12. beautiful game, October 18, 2013 at 10:11 a.m.

    This type of tactical fouling and other related significant fouling/ issues (encroachment, the 10+ yard walk up for a throw-in, or keepers crossing the penalty box line on punts, persistent 'team' fouling, etc.,) need to be addressed by the league supervisor for refs. As far as the MLS is concerned, the refs appear to not have been given specific instructions on such matters and their inconsistency throughput the season points the finger at the head man. The rules of the game are being bent to extremes and these officials are delinquent in their responsibilities to enforce them. The refs should make it loud and clear during the pre-game review and advise the players of what will not be tolerated, and they should stick to it at all times.

  13. Glenn Auve, October 18, 2013 at 10:29 a.m.

    Well, when you have the guy who is the head of PRO publicly saying that his officials should chat with the players instead of disciplining them, this is what you get. It's the Brit style, no?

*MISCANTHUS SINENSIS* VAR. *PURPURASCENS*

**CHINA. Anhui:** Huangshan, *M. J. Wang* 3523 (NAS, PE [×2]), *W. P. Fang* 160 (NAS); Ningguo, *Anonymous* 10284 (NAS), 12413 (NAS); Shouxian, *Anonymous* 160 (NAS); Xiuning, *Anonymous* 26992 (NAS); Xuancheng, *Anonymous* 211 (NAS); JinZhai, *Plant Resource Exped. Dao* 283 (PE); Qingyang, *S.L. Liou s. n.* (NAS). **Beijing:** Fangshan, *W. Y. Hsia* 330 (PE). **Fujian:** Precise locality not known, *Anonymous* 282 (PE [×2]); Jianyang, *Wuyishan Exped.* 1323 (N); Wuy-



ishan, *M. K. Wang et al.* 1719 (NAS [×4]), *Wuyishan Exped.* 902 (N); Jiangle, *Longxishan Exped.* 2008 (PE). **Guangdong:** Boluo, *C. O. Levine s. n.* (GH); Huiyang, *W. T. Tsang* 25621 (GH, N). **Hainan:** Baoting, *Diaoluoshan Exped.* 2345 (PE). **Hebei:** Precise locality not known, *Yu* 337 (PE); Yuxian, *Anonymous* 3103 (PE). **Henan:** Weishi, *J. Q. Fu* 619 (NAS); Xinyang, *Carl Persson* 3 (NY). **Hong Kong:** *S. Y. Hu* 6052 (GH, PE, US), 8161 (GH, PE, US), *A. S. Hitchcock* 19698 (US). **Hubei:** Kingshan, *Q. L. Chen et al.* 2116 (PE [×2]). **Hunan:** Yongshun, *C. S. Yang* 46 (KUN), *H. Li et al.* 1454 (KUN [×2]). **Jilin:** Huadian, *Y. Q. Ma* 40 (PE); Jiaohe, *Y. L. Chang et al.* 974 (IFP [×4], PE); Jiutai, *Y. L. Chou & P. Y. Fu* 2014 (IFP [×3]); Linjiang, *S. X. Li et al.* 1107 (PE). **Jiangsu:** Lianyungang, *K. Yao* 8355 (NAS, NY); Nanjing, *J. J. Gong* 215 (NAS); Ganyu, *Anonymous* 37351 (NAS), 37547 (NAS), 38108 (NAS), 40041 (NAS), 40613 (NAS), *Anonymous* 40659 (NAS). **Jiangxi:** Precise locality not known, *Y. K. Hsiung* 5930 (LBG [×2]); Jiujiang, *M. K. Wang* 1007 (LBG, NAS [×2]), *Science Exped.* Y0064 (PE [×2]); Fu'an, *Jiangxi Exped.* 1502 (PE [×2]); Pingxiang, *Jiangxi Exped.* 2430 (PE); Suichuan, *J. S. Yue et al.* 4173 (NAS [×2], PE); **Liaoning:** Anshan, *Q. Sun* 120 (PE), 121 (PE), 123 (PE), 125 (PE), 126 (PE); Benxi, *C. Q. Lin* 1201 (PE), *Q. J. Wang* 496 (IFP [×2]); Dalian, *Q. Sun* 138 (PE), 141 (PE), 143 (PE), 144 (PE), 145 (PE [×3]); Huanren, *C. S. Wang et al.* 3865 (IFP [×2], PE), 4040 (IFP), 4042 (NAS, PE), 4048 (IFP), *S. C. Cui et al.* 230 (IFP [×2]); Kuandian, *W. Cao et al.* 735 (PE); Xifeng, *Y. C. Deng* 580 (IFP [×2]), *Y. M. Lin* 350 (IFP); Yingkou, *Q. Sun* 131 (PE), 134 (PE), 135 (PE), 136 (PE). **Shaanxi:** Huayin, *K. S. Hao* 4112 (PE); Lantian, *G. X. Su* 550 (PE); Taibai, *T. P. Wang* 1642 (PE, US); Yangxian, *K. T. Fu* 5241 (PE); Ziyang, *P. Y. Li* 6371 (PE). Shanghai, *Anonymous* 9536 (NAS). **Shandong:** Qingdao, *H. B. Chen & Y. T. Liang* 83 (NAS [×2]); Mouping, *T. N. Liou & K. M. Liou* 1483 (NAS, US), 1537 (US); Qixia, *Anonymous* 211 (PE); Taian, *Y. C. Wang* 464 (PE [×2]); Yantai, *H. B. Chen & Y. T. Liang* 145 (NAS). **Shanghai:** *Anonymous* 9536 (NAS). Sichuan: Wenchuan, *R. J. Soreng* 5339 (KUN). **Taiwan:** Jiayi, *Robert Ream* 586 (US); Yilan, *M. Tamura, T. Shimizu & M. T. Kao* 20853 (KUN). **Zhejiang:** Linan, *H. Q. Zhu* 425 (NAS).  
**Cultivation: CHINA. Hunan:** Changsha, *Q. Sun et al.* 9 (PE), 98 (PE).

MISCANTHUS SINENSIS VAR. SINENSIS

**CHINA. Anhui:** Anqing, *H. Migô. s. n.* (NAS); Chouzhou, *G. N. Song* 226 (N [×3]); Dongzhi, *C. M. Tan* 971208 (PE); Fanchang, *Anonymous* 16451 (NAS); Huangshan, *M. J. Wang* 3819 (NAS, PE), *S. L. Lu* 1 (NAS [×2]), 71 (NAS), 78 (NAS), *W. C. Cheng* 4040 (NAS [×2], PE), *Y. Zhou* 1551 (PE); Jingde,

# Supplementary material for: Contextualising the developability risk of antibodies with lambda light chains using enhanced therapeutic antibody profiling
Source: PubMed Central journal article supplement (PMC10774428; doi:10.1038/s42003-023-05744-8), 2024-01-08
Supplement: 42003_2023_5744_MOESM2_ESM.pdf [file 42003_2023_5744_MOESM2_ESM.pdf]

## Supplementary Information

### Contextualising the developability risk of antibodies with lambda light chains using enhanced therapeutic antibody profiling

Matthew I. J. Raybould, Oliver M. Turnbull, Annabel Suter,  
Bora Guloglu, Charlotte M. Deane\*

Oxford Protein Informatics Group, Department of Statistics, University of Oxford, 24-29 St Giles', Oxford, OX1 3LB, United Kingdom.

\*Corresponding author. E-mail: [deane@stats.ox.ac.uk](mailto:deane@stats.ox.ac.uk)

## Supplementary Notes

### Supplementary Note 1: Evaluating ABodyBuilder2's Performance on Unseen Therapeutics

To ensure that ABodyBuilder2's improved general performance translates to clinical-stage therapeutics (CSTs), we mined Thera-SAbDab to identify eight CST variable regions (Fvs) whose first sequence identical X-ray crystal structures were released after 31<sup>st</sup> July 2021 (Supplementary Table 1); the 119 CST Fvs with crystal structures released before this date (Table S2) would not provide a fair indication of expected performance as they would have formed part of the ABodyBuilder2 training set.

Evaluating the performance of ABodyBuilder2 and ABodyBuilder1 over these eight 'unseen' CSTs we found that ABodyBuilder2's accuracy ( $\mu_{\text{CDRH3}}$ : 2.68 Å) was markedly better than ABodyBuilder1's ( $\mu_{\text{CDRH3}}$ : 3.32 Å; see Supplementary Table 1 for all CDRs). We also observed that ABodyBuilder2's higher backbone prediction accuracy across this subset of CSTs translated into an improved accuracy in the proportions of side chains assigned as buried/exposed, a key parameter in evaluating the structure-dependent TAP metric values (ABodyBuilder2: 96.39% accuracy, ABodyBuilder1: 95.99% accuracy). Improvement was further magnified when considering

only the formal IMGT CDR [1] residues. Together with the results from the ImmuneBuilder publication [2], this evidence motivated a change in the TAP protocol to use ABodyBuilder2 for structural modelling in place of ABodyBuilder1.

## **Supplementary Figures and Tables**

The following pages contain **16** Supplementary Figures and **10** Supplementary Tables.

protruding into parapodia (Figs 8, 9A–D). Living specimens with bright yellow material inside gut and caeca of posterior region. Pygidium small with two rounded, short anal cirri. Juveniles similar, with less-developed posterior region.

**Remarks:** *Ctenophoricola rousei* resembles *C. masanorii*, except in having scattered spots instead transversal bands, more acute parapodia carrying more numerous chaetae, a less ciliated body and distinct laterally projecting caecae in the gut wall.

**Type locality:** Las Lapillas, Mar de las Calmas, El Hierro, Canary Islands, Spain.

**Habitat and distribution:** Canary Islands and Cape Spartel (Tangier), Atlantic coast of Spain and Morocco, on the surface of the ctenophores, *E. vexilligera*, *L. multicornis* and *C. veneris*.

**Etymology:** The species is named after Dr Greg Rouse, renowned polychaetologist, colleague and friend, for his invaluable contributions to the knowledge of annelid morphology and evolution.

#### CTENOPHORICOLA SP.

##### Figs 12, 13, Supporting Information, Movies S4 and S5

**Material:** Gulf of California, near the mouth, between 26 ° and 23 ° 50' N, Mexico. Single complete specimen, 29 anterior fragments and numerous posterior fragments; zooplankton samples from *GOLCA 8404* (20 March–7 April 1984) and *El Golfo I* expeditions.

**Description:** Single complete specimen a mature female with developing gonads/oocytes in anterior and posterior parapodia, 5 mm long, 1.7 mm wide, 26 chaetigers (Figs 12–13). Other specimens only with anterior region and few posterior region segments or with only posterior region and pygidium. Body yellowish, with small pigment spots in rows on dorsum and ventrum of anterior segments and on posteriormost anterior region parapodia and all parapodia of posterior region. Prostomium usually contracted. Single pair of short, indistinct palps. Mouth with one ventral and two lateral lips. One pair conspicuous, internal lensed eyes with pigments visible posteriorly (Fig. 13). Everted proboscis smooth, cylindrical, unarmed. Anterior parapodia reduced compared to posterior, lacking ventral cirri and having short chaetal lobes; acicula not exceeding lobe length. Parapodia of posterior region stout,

I agree that most players don't know the rules. It would definitely make them better players. And they would have a better idea what they can get away with. And frankly it would also give them a better means to "work the refs" if they spoke the same language.

  14. Kenneth Elliott, October 18, 2013 at 10:44 a.m.

    To start, I'm not sure why PG felt compelled to dis Seattle in that way. I don't watch much MLS, so certainly can't speak to the specifics one way or the other, but any such comment is purely an emotional slight and not necessary.

    But, his point on who knows and effectively interprets the LOTG is spot on, as they say in the land of brutal soccer. Parents of young players, coaches, the players themselves . . . they all seem to enjoy taking umbrage at perceived slights from calls and non-calls by the officials. My favorite parent reaction of all time was a high school game in which I was working as a linesman. A parent standing just beyond the goal line vehemently disagreed with my non call for offsides. Emotionally I just wanted to go off on this gentleman. Intellectually, I desperately wanted to engage in a discussion with him to determine how in the world he could come to such an ironclad conclusion from his disadvantaged vantage point.